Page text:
Another challenge is that AI-generated solutions and models are mostly difficult to explain and there is a lack of understanding of what is possible in terms of AI. As such, it is difficult for stakeholders to see the value of data sharing, which can lead to more beneficial AI-driven solutions, and one of the most important reasons is privacy requirements.

Healthcare is a highly regulated field, as patient health data is one of the most sensitive data types. Healthcare organizations face significant criminal charges, fines and reputational damage in the event of data breaches. So there are high barriers to data sharing. This also applies to developed markets. The US healthcare system has seen massive adoption of EHRs and other technology solutions, but interoperability remains a challenge.

To overcome these challenges, strategic alliances and win-win partnerships must be forged between healthcare organizations and technology providers so that they can come together to realize the full potential of AI-driven healthcare technology solutions. Government initiatives like Ayushman Bharat Digital Mission should help if there is an intention to create a national digital health infrastructure and an open network for data exchange between different providers and users.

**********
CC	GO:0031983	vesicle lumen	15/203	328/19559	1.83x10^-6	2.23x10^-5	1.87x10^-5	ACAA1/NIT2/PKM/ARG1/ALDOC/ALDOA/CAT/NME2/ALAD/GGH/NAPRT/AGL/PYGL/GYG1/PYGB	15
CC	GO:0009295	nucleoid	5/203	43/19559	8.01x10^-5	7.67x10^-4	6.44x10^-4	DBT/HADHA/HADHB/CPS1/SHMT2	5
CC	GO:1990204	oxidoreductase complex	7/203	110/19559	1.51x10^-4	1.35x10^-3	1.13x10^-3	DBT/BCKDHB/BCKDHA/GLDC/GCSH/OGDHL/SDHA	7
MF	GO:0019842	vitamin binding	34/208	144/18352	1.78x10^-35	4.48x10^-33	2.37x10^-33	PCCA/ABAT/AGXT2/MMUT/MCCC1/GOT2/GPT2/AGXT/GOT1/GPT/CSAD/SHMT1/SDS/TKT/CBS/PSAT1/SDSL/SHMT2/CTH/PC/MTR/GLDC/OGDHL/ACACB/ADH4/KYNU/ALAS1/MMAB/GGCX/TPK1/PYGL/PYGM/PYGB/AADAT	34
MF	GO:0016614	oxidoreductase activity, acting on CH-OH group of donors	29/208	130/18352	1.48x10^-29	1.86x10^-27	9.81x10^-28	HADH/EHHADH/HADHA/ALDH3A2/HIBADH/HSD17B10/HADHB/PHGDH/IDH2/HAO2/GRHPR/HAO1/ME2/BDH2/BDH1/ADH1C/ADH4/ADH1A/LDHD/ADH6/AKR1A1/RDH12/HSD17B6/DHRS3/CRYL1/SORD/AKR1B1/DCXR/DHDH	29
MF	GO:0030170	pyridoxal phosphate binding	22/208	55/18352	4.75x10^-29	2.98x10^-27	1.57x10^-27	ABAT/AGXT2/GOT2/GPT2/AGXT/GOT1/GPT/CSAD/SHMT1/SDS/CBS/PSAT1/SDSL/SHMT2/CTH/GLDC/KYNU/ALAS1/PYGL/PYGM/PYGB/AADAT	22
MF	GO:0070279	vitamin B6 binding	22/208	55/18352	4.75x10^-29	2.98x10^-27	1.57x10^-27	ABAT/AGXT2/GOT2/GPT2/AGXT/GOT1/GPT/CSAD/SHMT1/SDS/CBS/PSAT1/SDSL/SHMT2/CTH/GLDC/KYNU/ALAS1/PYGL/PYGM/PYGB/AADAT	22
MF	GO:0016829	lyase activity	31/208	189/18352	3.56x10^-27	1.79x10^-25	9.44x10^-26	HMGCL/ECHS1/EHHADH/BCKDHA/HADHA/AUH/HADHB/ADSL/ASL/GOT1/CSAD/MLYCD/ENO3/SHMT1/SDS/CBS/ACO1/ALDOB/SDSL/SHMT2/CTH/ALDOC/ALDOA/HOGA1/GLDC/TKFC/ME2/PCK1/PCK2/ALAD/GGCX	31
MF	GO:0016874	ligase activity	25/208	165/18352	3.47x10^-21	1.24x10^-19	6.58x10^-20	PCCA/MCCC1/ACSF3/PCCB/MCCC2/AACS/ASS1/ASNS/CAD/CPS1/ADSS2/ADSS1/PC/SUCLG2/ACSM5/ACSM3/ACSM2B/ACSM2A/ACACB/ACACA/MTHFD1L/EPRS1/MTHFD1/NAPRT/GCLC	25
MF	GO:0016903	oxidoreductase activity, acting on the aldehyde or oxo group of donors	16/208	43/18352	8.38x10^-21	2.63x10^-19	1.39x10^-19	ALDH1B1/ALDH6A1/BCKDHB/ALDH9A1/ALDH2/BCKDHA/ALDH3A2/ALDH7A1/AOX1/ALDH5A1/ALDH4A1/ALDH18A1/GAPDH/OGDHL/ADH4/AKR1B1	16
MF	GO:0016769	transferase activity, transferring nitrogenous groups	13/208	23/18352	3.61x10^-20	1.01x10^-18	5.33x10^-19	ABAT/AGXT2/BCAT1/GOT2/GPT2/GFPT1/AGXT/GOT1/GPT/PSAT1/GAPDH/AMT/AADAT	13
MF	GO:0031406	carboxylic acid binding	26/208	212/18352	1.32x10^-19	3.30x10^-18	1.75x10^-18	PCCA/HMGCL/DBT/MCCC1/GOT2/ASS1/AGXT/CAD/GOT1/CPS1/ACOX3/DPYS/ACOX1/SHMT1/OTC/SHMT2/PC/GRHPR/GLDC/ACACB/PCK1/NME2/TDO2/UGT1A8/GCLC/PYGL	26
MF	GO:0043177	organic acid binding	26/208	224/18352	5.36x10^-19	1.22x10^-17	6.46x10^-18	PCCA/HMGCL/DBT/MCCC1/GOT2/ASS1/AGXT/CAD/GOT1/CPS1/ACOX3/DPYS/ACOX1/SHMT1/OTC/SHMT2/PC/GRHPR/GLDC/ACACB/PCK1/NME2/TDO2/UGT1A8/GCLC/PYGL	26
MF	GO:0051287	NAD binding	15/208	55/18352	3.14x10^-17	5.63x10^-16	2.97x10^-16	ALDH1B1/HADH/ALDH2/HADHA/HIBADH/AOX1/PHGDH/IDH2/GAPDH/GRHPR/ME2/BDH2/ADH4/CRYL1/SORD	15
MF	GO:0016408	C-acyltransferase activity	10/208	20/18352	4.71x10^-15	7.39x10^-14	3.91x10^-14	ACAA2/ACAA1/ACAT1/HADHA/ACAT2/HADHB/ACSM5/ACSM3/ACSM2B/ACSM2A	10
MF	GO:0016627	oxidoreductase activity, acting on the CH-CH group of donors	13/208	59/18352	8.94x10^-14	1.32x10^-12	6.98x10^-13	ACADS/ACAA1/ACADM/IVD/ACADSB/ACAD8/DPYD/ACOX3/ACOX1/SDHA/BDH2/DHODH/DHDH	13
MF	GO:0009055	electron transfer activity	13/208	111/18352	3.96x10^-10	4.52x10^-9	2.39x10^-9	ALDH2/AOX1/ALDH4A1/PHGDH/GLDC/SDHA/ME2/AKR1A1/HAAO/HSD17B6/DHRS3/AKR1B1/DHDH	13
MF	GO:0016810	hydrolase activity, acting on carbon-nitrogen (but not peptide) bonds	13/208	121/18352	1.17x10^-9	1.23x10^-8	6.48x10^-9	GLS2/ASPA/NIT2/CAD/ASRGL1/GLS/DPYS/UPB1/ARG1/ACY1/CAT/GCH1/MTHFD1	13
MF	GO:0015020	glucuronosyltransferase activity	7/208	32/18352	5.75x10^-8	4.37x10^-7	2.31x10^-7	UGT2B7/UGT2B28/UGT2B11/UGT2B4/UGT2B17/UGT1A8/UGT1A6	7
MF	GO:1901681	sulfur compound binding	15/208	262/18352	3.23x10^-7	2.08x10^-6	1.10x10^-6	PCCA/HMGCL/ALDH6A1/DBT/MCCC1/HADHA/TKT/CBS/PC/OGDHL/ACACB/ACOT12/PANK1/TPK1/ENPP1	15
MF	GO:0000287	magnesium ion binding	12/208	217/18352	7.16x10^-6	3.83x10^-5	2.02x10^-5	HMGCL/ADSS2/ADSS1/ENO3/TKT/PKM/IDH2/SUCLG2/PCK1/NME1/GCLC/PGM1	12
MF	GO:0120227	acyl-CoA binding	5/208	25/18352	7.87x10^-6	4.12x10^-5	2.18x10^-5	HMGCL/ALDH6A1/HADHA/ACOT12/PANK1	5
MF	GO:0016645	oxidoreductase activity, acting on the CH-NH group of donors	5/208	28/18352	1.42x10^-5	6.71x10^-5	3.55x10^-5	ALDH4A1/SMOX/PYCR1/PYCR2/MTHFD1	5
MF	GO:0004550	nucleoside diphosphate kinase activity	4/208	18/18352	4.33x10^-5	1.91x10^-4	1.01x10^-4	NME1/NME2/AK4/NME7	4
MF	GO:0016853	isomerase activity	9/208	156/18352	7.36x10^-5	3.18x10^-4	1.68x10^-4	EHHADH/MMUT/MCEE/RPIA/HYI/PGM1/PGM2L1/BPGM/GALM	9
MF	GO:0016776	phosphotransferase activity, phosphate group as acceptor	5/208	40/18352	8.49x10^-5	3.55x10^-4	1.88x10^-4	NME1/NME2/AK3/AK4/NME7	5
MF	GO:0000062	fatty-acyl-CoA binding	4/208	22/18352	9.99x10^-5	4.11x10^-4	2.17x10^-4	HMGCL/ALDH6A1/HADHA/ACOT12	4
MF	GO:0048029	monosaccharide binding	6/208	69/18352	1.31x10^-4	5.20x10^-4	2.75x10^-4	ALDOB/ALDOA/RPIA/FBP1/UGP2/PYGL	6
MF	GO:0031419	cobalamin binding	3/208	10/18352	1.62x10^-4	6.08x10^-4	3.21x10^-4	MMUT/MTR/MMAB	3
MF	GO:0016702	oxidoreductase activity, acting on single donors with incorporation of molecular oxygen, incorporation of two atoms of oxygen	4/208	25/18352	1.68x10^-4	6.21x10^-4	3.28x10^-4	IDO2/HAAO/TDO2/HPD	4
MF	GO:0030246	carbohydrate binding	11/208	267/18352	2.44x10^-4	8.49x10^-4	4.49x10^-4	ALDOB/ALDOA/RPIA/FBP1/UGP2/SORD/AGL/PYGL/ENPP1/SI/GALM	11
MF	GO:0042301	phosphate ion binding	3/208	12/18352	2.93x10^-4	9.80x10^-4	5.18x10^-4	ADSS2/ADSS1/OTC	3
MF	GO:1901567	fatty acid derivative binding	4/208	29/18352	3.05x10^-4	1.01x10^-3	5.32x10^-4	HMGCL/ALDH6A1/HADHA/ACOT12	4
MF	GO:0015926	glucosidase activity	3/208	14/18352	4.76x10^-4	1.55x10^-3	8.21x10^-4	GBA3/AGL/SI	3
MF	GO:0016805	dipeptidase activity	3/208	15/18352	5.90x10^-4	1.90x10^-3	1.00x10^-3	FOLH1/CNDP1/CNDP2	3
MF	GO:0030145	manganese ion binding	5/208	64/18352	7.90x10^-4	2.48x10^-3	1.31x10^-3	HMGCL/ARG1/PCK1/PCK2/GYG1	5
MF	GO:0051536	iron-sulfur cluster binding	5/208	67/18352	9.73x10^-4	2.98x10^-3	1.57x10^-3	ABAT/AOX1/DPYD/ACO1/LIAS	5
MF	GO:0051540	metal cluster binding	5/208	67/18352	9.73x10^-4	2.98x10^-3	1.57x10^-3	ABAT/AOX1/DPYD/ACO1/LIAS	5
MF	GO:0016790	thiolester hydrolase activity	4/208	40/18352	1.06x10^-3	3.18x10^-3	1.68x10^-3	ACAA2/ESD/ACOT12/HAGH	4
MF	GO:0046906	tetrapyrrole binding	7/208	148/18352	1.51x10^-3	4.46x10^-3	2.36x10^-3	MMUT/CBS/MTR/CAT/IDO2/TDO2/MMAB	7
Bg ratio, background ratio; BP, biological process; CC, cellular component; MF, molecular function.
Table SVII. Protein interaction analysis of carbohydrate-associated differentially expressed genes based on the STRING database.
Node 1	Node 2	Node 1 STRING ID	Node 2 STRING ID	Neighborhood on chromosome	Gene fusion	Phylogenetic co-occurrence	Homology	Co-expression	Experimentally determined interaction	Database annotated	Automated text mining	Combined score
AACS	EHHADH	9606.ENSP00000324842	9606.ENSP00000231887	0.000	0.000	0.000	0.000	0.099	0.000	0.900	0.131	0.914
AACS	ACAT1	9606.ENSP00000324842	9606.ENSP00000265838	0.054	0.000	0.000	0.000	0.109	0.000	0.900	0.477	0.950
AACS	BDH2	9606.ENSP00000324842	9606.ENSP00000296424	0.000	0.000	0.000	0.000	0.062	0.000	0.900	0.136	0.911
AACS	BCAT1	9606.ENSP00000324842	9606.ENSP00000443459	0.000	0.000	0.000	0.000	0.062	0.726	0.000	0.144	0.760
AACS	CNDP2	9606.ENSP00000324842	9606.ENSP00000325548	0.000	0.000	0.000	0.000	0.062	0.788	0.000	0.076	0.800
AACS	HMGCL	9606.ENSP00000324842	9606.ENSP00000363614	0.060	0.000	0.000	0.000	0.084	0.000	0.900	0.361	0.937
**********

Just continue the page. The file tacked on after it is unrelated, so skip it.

1. How is Suki bridging the technology gap in healthcare with AI/ML?

Suki strives to solve one of the biggest global problems in the healthcare industry: doctor burnout. Physicians and other healthcare professionals today face an enormous administrative burden when it comes to tasks such as clinical documentation, entering medication orders or lab tests, replying to patient messages, etc. For every hour they spend with the patient, spend two hours on these maintenance tasks.